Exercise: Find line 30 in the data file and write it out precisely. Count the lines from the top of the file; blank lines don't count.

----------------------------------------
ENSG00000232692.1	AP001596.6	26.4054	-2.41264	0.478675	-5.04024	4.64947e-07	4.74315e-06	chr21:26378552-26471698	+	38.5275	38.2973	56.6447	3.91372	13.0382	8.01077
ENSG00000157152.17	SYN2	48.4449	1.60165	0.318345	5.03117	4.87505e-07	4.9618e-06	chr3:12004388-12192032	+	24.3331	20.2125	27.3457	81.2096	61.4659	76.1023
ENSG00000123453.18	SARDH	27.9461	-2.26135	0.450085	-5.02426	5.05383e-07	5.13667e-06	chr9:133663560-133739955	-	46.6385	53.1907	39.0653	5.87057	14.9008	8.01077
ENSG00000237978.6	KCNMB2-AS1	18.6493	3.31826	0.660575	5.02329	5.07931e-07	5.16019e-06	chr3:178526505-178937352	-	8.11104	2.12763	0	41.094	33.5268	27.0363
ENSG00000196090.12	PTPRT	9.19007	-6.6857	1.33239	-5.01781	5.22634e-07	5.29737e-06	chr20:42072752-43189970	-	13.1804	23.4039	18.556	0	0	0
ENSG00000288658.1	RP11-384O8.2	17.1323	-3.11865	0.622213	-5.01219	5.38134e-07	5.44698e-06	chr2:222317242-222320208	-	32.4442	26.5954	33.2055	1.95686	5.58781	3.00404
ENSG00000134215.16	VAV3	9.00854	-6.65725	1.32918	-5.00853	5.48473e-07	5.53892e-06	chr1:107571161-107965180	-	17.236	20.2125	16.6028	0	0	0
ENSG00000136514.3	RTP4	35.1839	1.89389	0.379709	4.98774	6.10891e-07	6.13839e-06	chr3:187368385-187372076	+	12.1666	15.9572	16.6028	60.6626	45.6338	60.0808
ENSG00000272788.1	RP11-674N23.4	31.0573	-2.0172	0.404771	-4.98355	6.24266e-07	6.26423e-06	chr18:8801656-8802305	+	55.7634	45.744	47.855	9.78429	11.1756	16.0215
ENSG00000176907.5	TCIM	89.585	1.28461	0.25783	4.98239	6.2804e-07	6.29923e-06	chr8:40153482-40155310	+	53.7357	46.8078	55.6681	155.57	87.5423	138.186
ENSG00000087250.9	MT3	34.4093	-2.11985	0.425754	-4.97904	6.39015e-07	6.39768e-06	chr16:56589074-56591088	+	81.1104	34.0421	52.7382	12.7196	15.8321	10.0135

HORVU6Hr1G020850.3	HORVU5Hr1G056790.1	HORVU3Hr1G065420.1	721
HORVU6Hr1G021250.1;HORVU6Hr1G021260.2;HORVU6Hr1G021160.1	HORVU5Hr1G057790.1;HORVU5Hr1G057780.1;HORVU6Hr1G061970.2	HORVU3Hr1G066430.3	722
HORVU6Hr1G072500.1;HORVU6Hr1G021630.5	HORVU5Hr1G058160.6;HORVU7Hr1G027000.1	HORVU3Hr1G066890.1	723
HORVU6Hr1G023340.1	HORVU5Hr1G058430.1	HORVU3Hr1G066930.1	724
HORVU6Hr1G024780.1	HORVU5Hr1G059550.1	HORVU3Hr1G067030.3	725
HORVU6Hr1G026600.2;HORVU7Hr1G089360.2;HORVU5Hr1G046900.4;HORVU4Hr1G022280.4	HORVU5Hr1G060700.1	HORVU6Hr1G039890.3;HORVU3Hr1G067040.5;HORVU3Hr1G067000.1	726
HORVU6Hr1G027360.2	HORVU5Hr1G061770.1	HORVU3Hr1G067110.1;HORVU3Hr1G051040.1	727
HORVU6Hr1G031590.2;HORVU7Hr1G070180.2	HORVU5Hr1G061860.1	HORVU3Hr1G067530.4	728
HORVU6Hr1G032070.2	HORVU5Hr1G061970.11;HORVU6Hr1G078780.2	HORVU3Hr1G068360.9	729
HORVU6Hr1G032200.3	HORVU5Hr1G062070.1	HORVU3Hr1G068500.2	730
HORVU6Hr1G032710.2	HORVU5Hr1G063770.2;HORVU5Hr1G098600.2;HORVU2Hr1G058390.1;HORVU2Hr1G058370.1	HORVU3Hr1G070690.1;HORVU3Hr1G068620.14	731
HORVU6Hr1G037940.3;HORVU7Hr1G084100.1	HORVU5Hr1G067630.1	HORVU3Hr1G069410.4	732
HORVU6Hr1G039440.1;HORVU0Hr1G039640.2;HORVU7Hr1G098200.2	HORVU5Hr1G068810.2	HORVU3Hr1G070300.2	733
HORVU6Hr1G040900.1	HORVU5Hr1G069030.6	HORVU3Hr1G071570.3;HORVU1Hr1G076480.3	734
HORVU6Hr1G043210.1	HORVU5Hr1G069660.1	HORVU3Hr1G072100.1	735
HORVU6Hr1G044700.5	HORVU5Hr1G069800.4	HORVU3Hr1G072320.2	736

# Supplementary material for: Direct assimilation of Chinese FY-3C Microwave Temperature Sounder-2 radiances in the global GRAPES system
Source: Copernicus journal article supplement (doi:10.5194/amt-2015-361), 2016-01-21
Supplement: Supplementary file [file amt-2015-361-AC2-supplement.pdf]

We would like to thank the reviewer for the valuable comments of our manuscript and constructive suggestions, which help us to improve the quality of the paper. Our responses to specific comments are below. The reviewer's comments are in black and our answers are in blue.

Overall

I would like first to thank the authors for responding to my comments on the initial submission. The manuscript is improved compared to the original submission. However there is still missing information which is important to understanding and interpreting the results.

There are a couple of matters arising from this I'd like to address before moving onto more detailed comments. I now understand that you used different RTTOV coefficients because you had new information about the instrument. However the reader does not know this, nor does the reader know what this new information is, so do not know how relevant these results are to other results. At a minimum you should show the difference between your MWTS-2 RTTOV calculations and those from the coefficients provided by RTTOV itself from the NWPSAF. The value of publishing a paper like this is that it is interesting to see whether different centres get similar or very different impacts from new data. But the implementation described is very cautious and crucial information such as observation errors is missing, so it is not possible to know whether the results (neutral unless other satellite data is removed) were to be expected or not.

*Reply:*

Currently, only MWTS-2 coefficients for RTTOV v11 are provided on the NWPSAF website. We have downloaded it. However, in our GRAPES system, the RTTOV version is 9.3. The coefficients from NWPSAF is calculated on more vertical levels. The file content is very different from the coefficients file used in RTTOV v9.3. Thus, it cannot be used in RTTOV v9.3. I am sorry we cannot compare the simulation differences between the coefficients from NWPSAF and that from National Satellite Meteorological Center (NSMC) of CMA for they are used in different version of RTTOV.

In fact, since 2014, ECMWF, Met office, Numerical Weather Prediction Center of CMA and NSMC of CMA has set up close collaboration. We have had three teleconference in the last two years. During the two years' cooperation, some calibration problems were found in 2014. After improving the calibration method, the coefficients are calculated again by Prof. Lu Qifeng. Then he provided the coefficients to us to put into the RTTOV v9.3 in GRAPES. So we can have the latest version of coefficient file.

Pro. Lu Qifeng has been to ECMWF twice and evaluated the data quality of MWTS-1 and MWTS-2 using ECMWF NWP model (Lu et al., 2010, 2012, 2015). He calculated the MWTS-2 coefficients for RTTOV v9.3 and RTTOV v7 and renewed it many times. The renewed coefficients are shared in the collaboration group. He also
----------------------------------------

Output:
Supplement: Supplementary file [file amt-2015-361-AC2-supplement.pdf]